Edmonton Journal from Edmonton, Alberta, Canada on May 23, 1989 · 1
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Edmonton Journal from Edmonton, Alberta, Canada · 1

Edmonton, Alberta, Canada
Issue Date:
Tuesday, May 23, 1989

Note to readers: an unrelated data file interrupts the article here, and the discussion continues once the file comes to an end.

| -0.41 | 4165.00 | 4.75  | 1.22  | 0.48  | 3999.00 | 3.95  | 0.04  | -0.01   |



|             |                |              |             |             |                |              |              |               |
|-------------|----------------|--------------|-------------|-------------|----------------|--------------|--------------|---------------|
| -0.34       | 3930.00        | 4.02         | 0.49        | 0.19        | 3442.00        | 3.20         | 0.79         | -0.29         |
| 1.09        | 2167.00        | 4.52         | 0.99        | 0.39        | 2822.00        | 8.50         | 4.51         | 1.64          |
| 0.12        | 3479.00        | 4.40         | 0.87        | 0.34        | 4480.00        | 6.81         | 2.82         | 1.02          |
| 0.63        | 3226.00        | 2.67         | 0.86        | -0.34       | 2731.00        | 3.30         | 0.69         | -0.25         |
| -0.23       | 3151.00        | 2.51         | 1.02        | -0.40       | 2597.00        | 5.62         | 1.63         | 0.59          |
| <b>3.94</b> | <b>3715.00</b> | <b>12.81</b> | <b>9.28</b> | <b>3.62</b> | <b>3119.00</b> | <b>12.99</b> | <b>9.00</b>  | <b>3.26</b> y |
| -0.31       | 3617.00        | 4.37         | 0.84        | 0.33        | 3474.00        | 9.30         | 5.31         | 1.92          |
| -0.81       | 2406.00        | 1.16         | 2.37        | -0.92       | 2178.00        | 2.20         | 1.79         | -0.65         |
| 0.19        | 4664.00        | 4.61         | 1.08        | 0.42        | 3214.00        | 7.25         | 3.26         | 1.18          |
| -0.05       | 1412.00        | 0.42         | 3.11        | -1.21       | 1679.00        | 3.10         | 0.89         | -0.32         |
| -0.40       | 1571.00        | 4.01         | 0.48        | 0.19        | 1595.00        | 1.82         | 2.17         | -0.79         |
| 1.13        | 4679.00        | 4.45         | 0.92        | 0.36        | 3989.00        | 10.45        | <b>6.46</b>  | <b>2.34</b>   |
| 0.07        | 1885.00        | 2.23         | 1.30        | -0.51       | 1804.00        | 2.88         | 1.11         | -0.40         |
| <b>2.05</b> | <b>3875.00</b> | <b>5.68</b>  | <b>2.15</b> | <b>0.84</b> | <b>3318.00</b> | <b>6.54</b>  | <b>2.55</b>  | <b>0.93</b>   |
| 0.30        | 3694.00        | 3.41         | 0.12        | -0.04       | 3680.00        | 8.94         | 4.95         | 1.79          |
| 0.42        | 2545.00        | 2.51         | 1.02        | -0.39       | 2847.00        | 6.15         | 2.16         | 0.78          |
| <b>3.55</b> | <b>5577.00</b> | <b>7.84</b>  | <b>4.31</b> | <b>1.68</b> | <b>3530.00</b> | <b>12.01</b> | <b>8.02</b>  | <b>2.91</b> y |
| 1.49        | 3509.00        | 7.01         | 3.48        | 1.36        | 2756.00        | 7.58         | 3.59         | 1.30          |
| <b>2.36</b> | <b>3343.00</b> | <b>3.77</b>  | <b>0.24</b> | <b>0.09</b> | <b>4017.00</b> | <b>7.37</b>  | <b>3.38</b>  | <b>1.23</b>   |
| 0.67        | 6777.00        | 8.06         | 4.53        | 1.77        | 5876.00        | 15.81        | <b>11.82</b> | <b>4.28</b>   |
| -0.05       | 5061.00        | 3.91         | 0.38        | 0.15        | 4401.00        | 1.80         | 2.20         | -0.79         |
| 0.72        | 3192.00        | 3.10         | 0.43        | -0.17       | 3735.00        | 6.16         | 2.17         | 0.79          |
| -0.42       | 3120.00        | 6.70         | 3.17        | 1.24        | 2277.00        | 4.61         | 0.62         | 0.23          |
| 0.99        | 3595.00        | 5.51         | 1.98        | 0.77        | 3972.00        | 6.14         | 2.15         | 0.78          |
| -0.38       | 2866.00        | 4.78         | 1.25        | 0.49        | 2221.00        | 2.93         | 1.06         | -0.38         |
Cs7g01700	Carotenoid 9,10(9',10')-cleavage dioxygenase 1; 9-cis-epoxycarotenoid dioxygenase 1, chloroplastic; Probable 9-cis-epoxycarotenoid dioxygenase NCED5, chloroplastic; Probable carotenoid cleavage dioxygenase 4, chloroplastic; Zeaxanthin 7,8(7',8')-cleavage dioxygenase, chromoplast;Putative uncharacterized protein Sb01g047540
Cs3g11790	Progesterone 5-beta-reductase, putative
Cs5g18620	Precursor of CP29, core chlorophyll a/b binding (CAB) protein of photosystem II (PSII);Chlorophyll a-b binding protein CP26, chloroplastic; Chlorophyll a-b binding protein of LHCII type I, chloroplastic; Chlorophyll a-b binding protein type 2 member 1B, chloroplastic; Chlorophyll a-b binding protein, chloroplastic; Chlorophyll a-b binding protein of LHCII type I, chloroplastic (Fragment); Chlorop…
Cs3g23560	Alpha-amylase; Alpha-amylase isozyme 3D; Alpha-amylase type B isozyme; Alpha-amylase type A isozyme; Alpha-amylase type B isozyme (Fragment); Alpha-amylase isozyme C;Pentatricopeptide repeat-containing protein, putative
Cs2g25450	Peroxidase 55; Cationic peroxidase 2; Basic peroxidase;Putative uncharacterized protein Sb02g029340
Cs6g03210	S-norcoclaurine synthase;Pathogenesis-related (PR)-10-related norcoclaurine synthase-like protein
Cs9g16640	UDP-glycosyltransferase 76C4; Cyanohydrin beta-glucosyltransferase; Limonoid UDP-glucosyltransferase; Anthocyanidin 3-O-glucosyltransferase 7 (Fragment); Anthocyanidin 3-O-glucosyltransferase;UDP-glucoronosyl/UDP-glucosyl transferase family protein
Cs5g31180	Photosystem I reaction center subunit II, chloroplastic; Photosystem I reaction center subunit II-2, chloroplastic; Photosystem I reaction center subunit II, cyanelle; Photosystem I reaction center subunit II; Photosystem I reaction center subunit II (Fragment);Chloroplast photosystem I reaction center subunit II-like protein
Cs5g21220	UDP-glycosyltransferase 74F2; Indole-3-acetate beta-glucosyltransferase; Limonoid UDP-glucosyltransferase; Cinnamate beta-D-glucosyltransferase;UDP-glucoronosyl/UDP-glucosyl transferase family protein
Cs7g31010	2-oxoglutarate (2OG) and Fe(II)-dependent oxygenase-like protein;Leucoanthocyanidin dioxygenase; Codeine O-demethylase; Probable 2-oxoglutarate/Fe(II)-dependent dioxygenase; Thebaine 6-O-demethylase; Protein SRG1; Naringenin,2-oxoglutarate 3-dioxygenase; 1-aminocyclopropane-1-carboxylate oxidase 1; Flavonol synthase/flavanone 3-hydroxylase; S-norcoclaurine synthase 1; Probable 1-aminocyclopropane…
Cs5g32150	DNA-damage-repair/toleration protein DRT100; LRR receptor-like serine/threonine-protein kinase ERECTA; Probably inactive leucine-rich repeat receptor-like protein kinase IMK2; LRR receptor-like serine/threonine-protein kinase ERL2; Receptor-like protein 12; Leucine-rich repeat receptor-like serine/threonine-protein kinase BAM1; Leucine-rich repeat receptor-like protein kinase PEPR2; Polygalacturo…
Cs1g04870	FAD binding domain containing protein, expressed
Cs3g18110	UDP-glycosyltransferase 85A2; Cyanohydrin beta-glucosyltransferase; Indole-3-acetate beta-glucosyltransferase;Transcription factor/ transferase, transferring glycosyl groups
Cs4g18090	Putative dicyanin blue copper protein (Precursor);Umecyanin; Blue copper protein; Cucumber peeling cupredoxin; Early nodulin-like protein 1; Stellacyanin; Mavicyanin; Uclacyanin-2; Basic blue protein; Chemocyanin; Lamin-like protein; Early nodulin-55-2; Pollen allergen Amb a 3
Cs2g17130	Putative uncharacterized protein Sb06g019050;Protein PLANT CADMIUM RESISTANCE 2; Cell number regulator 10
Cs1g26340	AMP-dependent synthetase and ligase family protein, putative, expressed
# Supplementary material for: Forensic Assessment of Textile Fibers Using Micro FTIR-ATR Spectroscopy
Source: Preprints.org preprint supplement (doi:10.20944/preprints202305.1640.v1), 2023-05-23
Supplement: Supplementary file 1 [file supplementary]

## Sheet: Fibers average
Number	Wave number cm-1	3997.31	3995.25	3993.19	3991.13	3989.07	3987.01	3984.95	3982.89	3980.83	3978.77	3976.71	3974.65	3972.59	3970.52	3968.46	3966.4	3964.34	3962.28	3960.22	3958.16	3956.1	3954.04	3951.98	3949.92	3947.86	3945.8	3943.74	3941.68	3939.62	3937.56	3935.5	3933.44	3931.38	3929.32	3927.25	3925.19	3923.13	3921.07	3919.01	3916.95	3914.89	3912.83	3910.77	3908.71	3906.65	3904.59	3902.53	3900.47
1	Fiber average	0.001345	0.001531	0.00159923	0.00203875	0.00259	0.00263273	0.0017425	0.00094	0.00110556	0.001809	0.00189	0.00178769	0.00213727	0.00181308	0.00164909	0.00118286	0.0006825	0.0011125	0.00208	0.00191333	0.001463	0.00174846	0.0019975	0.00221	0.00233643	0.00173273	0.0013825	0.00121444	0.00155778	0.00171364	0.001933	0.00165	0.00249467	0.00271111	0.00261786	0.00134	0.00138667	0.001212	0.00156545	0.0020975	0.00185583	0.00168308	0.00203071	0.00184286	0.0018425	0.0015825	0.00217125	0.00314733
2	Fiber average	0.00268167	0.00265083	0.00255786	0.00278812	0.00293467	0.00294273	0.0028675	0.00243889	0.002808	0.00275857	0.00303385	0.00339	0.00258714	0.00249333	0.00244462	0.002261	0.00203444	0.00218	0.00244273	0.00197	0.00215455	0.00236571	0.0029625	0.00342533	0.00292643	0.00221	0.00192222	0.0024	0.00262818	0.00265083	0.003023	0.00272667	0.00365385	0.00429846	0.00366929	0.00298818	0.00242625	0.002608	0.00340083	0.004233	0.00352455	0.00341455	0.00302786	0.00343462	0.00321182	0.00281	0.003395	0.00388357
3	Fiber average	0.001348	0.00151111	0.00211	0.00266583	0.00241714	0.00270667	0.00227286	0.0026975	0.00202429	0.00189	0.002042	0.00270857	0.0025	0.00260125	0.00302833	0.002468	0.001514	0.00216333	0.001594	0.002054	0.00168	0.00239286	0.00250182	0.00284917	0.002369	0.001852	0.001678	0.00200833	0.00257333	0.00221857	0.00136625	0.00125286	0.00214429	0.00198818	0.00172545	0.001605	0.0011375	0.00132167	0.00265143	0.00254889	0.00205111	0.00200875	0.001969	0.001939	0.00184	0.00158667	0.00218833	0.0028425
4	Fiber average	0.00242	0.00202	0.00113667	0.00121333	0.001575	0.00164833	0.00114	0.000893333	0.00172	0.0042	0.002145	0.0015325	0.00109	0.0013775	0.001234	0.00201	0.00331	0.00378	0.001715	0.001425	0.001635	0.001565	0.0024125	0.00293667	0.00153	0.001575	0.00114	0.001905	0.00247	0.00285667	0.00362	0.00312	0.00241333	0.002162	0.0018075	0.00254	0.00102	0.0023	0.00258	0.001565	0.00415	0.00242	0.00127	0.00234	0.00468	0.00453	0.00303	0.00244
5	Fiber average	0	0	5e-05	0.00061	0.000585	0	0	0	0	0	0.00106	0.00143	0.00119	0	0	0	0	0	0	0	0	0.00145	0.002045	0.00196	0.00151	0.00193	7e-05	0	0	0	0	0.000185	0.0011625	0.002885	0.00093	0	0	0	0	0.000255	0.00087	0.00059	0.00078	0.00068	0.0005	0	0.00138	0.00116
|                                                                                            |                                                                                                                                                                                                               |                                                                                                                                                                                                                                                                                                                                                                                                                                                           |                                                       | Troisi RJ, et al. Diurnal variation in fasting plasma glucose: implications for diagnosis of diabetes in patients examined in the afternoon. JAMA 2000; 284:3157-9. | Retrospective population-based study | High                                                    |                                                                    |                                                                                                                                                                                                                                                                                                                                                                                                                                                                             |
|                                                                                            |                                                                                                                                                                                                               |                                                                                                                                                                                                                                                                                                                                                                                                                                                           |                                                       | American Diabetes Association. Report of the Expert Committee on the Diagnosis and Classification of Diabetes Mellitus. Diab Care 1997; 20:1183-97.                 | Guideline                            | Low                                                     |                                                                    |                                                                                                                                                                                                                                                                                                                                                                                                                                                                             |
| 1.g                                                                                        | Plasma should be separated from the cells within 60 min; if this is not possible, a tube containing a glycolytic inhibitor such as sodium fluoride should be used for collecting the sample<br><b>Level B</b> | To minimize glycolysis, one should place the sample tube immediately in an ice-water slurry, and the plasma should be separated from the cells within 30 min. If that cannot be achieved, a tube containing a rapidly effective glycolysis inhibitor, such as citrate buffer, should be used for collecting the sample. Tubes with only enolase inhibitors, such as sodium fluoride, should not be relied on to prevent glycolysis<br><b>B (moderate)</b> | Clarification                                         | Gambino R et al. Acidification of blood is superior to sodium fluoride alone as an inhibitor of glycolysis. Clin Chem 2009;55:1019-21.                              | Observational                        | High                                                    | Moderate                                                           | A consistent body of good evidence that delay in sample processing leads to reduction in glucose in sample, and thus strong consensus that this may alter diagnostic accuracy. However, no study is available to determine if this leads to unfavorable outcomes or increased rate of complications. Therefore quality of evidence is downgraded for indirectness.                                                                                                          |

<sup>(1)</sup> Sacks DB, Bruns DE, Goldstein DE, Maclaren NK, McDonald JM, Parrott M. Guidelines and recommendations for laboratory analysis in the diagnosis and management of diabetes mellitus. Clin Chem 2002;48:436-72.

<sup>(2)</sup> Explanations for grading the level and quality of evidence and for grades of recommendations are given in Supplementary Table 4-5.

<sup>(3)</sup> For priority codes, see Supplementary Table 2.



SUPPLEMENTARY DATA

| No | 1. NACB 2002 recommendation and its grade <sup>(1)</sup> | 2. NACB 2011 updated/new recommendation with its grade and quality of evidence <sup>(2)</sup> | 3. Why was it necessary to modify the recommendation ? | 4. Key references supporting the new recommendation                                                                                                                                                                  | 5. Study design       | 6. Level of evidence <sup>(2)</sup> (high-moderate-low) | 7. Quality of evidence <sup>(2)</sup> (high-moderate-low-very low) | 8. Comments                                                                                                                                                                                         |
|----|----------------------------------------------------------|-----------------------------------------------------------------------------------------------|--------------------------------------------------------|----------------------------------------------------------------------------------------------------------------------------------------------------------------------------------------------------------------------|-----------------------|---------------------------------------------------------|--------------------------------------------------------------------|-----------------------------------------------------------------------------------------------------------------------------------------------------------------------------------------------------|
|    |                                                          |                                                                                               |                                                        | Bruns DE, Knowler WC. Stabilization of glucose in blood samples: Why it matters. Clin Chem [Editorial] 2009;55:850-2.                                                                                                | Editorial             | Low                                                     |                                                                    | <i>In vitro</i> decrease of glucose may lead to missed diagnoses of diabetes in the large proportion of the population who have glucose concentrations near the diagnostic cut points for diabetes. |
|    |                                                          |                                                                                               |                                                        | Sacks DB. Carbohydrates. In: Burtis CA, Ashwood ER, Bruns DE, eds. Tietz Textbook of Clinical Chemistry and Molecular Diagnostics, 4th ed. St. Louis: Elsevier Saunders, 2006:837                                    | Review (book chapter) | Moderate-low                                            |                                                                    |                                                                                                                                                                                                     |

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OS f'v Canada THE EDMONTON JOURNAL, Tuesday, May 23. 1989 A3 Greenbacks headed for last roundup By RICHARD HOFFMAN The Canadian Press Call it the lame buck. After 123 years of use and abuse, the lowly Canadian one-spot will be a dead duck on June 30. That's when the government issues its last paper dollar and begins rounding up and destroying the estimated 313 million greenbacks in circulation. But, as the countdown begins, Bank of Canada officials estimate 30-45 million dollars could escape the grinding teeth of government shredders. Some of the bills will simply be lost. Many others will be scooped up by Canadians banking that the bucks will eventually be worth more than their face value. "It's a futile effort," says Paul Margolis, owner of the Rare Find coin shop in downtown Vancouver. "I don't think hoarding them will ever produce a profit for anybody." "As a rule, the last issue of any currency is the least valuable," adds Klaus Hirsh, who's been dealing in dollars and cents for two decades near one of Toronto's busiest downtown intersections. "I wouldn't save it," sneers Hirsch, leaning on a glass showcase packed with rare coins and paper money from around the world. "But there are always people out there who hoard them. "Most of the time, they eventually spend it in a year or so when they get short of cash." As of July I, banks and trust companies have been ordered to return all dollar bills to one of the Bank of Canada's nine regional offices in exchange for the coin equivalent. Once they fall into the hands of the central bank, they'll be pressed into huge paper shredders and turned into landfill. "After a w hile, you think of money as just a lot of paper," says Bill Watson, deputy agent at the central bank's largest regional office in Toronto, where 200 million bills of all denominations were destroyed last year. Across Canada almost a billion pieces of paper money were turned into mulch by the government in 1988. Watson says hoarding bills especially final editions isn't unusual. It happened when the British recently withdrew their one-pound notes. It also occurred in Australia when that country buried its buck. Watson adds that even after the dollar coin officially replaces the bill, paper dollars will always be accepted as legal tender. But the most valuable bills are usually first-edition banknotes or examples of an especially short-lived series. In the 1954 edition, for example, signatures of the Bank of Canada governor and his deputy were changed five times before the bill was redesigned several years later. A bill with the right combination of signatures can fetch more than $1,000, says Hirsch, while others from the same year bring as little as SI. 75. Hirsch says the current 1973 edition the common greenback with the Queen on the front and the Ottawa River and Peace Tower on the flip side probably won't ever be worth much more than the 1989 price of a cheap lottery ticket. "In 10 or 20 years, kids are going to laugh at paper dollars like the 25-cent bills they issued in the 1920s." ... t W - wsp'-- 4 - W r 1 ' v J- rbL"'. AT, s, The government begins rounding up paper dollars June 30 . . . but hoarders could keep up to S45 million from the shredder Survival is taught top guns in games By CHRIS WATTIE I he Canadian Press CFB COLD LAKE The maps in the situation room of this Canadian Forces base show a desperate see-saw battle raging in the dense bush 300 km northeast of Edmonton. Bright red and blue grease pencils mark the location of enemy tanks and infantry targets for the fighter-bombers waiting on the tarmac outside. Jet turbines whine, ground crews load bombs under streamlined wings and pilots scramble to their planes. But the bombs are filled with concrete, not high explosive, and the targets arc only plywood mock-ups scattered across the Cold Lake Air Weapons Range, the 9,600 square km of bush that is the site of Canada's biggest air exercise for six weeks this summer. Every day up to 100 Canadian. British and American jets scream across the northern Alberta sky as part of Maple Flag XXII, an annual exercise to hone the combat skills of the countries' top pilots. Capt. Peter Scales is the exercise's chief intelligence officer, responsible for drawing up the imaginary war that is at the heart of Maple Flag. "Basically we try to simulate a war in central Europe," says the jaunty Scales, bristling with enthusiasm. "The point of the exercise is to get as real as possible." Weeks before the exercise kicked off on April 29, Scales began planning his imaginary war. "1 was asked to compose a story a sort of fantasy, 10-day war," he says. As the phantom front lines move across the Cold Lake range, pilots are assigned targets from among the more than 600 mock-ups that dot the range plywood models r I If 0jy 1 : o V i ii ill-;: J J Al lA A Canadian Forces pilot climbs aboard his CF-18 fighter . . . crews scramble to get airborne in the masshe Mple Flag exercise of Soviet jets and tanks in the remote muskeg and jackpine forests. They must plan their approach to ihe targets, make the bombing runs and plot their escape as well as deal with the obstacles Scales throws in to make their missions more demanding. "I like to throw a few curves in," Scales says w ith a broad grin. Those curves can include simulated surface-to-air missile sites and enemy figh'ers. After every mission, the pilots are debriefed to learn what they did right and what got them "shot down." Pilots call the missions "exhila rating" half an hour flying at hundreds of kmh as they roir in on target. Maj. Yvan Blondin. at 30 a veteran among the CF-18 pilots of Armed Forces 433 Squadron, calls it the most demanding job in the world. "You want to fly faster than everybody else, better than everybody else, lower than everybody else." says the pilot, "because you want to survive." Maj. John MacNeil. overall coordinator of Maple Flag, says teaching fighter pilots how to survive in war time is the whole point of the exercise. Peace marchers promise they'll block arms show OTTAWA (CP) Waving black flags and chanting anti-war slogans, some 1.500 peace activists marched though city streets Monday to protest an international arms show. Demonstrators from tots to seniors, halted holiday traffic as they marched from dow ntown to Lansdowne Park, site of the controversial ARMX '89 trade show that opens today. L'pon reaching the park, they gathered in an area cordoned off by police and listened to speakers denounce Canada's involvement in the arms trade. "My message is for the people in there." veiled Natalie Turner of the Student Christian Movement of Canada, pointing to the stadium. "We don't want to see our planet destroyed by bombs, by garbage and by hatred." Members of the Alliance for Non-Violent Action say they will block the entrance to Lansdowne Park today, and spokesmen say they expect some w ill be arrested. Richard Sanders, spokesman for the Coalition to Oppose the Arms Trade, said Canada's reputation as a peacemaker is called into question by Us involvement in ARMX. The demonstration will "show the world that the statement that Canada is a peacemaker is a myth," he told protesters before the march began. "Canada is any thing but a peacekeeper." The three-day trade show, sponsored by the Toronto-based Baxter Publishing Co.. is expected to draw as many as 15.000 buyers, sellers and soldiers from around the world, organizers say. Some 4(K) companies from 16 countries are expected to set up booths to display their weapons, communications equipment, tents and computerized simulators. The exhibition is held every two years. But this year. Ottawa city council decided it will no longer rent municipally owned property for the show. T mm it a "1 V- - , 4. "A . i i : 8 I " 7 - IN ' A U r aw V.. m Some 1,500 peace activists protest the opening of ARMX '89 . . . "We don't want to see our planet destroyed by bombs . . . byhatred' Union threatens mail strike TORONTO (CP) Workers at Canada Post may strike this summer if management doesn't respond favorably to contract demands and complaints of "harassment." Union president Jean-Claude Parrot said he's launching a "Campaign for Dignity" on behalf of the union's 46,000 workers, warning it could escalate to a national postal strike this summer. But a spokesman for the corporation says the Canadian Union of Postal Workers will win no sympathy from the public, nor support from a majority of postal employees The postal workers' campaign is described in union literature as "a multi-faceted over-all strategy to discredit the corporation." Its tactics include bringing soiled diapers and heavy suitcases to work to make security checks more difficult, and leaving expensive machinery running. The union is also encouraging workers to work to rule, to refuse security checks, to waste supervisors' time by asking unnecessary questions and to "take no initiatives" that might improve postal service. Canada Post spokesman John Caines predicted the campaign will backfire, saying it is led by a minority of union militants and "they've really gone too far this time." Meanwhile, two senior Canada Post officials fired after allegations of a job-selling scheme at Canada Post facilities at Mississauga near fo;orto were abusing their positions of authority and trust, says a corporation spokesman. Both had been under investigation by police and Canada Post. Workers had accused the air mail manager of seeking a S4.000 bribe and sexual favors from a casual employee in return for full-time employment, said Andre Kolompar, president of the Toronto-area Canadian Union of Postal Workers. When the woman refused, she was fired. The supervisor at the Gateway plant was accused of demanding money and jewelry from casual employees in return for a full-time job paying SI 3.48 hourly. Digest B.C. nurses work to rule VANCOUVER Administrative personnel at some British Columbia hospitals were forced to work through the holiday weekend as unionized nurses refused to do any work not directly related to nursing care. The ban designed to demonstrate the resolve of the 17,500-member B C. Nurses' Union to win a new contract seemed to be sporadic, since at small hospitals nurses "do pretty well everything" and it was impossible to cut back. The ban could be a prelude to more job action as the union and hospitals return to the bargaining table today for the first time in a month. Protester serenades Chinese envoy TORONTO (CP) A dinner for a visiting Chinese leader was disrupted Sunday by a slogan-shouting protester who got within metres of the head table as more than 500 guests watched. The protester was a musician who was supposed to play traditional music for Wan Li, chairman of the standing committee of China's National People's Congress. The protester played several bars of the French Revolutionary song Marseilles, then wrestled an emcee for a microphone at a podium near Wan's table, shouting slogans in Chinese. Police escorted the man from the podium as he raised a fist and shouted in Chinese for China's premier to resign. Forces' smokers face dismissal, jail TORONTO Canadian military personnel have been warned they could be dismissed or jailed if they're caught smoking in the washrooms of military aircraft. The Department of National Defence says a growing number of people are violating smoking bans introduced in 1986. There have been 22 documented incidents of smoking in the washrooms of the forces' five Boeing 707s since 1985. No disciplinary action has been taken against those who have been caught. There has been one cigarette-related fire in a plane's washroom waste bin. Jetset days in ruins, Astaphan longs for the simple life By STEPHEN THORNE The Canadian Press TORONTO Ben Johnson's doctor says he sometimes longs for the simple life he left behind one summer's day when he learned he was headed for a career in medicine. It was 13 and a 17-year-old Jamie Astaphan was working as a deckhand on his father's ferryboat. Rosal. sailing the Caribbean between his birthplace of St. Kitts and its sister island of Nevis. His mother called ahead with the news he had been accepted into the science program at Montreal's Sir George Williams (later Concordia) University. "If my parents hadn't pushed us particularly my mother I would be home running a charter boat. I would have been a hell of a lot happier." Jamie Astaphan's licence to practise medicine and his future are in doubt as he awaits his scheduled appearance before a federal inquiry beginning Wednesday. He is under investigation by the Ontario-College of Physicians and Surgeons but remains defiant and appears anxious to answer allegations he prescribed and administered the drugs that cost Johnson an Olympic gold medal and sparked one of history's greatest sports scandals. "I don't care what people consider me I do my thing. I broke no law," he said during an hour-long interview in his lawvers" Toronto office. He will likely also explain the SlO.OOO-a-month contract he signed last year as Johnson's personal physician and describe his jetset existence travelling the globe with the fastest man alive. Wearing a red golf shirt embossed with the gold emblem of the Royal St. Kitts Casino. Astaphan spoke plainly, often bluntly, in a strong West Indian accent about family, sports, medicine and the scandal that has changed his life forever. "To change anything orthodox is to rub the grain the wrong way and it's a difficult thing to do," he said. "It's an almost impossible process, sometimes, and if you happen to do it, then you're an outcast." At times, he appeared as if he'd just as soon retreat to the simple island life of calypso music and deep-sea fishing. "Fish don't talk back to you. Fish don't tell lies. Fish are fish." George Mario (Jamie) Astaphan was born May 22. 1946, on the British island colony of St. Kitts. which gained its independence six years ago. His grandfather, Antoine Stephan. a Lebanese textile merchant, had landed there at the turn of the century. He thought he was in Brazil but stayed on and peddled cloth, signing his name A. Stephan. Jamie Astaphan was raised in privilege, the son of successful entrepreneurs. Besides the ferry, they also owned land, a hotel, a restaurant, a grocery store and clothiing stores. Each of the 10 Astaphan children, was expected to meet the high expectations of their mother. AH did. Three of the sons and one daughter became doctors, three sons became lawyers; three daughters succeeded in business. Starting in a convent school at "If my parents hadn't pushed us particularly my mother would be home running a charter boat. I would have been a hell of a lot , happier.1 Jamie Astaphan the age of 3, Jamie was required to wear a uniform and learned the rule of the rod "I was a little bit mischievous, I suppose." There was also little room for nonsense at home. His father's idea of reveille was blasting Frankie Lane singing Mule Train every morning at 5 a.m. And he grew up hearing stories of Canada from his father and others who served with the Canadian merchant marine during the Second World War. But Astaphan did not visit this country before going to Sir George Williams, graduating in 1967. He went on to medical school at the University of Toronto, fleeing the city for Montreal each weekend his first year. "The first night when I got here (Toronto) I cried like a child ... I hated this place." He interned at suburban Scarborough General Hospital where he met a young Canadian nursing assistant. Jamie and Karen Astaphan left on their wedding dav Sept. 15. 1973 for South Dakota and a hospital job in a town called Lemon. "I liked it there. We met people who became our friends who had cattle ranches. I like that sort of stuff." He worked briefly at the prison in Warkworth. near Peterborough, and operated a private practice there for seven years. He again found comfort in small-town folks. "They tell you good morning or piss off." Now sharing dual citizenship between Canada and St. Kitts. he opened his Toronto practice in 1983 and settled down with his wife and Canadian-born children: Jamie, 14, Kirsten, 12, and Scott, 9. He and his wife separated under the strain of the Johnson scandal that erupted at the Seoul Olympics last fall. Astaphan says he never intended to specialize in sports medicine, but was channelled into the field "out of necessity" as a university wrestler and soccer player. "You can't learn injuries from a book. You learn by either having them or having dealt first hand with them. I had a lot of experience with that, so people came." Among those who made their way to Astaphan's Toronto practice were coach Charlie Francis and Canada's top female sprinter, Angella Issajenko. It was the summer of 1983 and their combative personalities blended: "Charlies temper is not a very nice one and mine is not much better." Soon afterward, his patients included Johnson and most of Francis's sprinters. And Astaphan savs he and Francis remain a team. The only" difference is they appear to be outcasts in a sports world that has chaneed since Seoul. "You can t kill either one of us we're already dead." i f -.- Ifi r& " I H -" ,'-.) i i . ' . i t V ' L . . . . J v. ,s r f ... ' , ' : r " . . :. 'y M - , tf. an 1- - Jamie Astaphan faces Dubin inquiry hotseat 1 4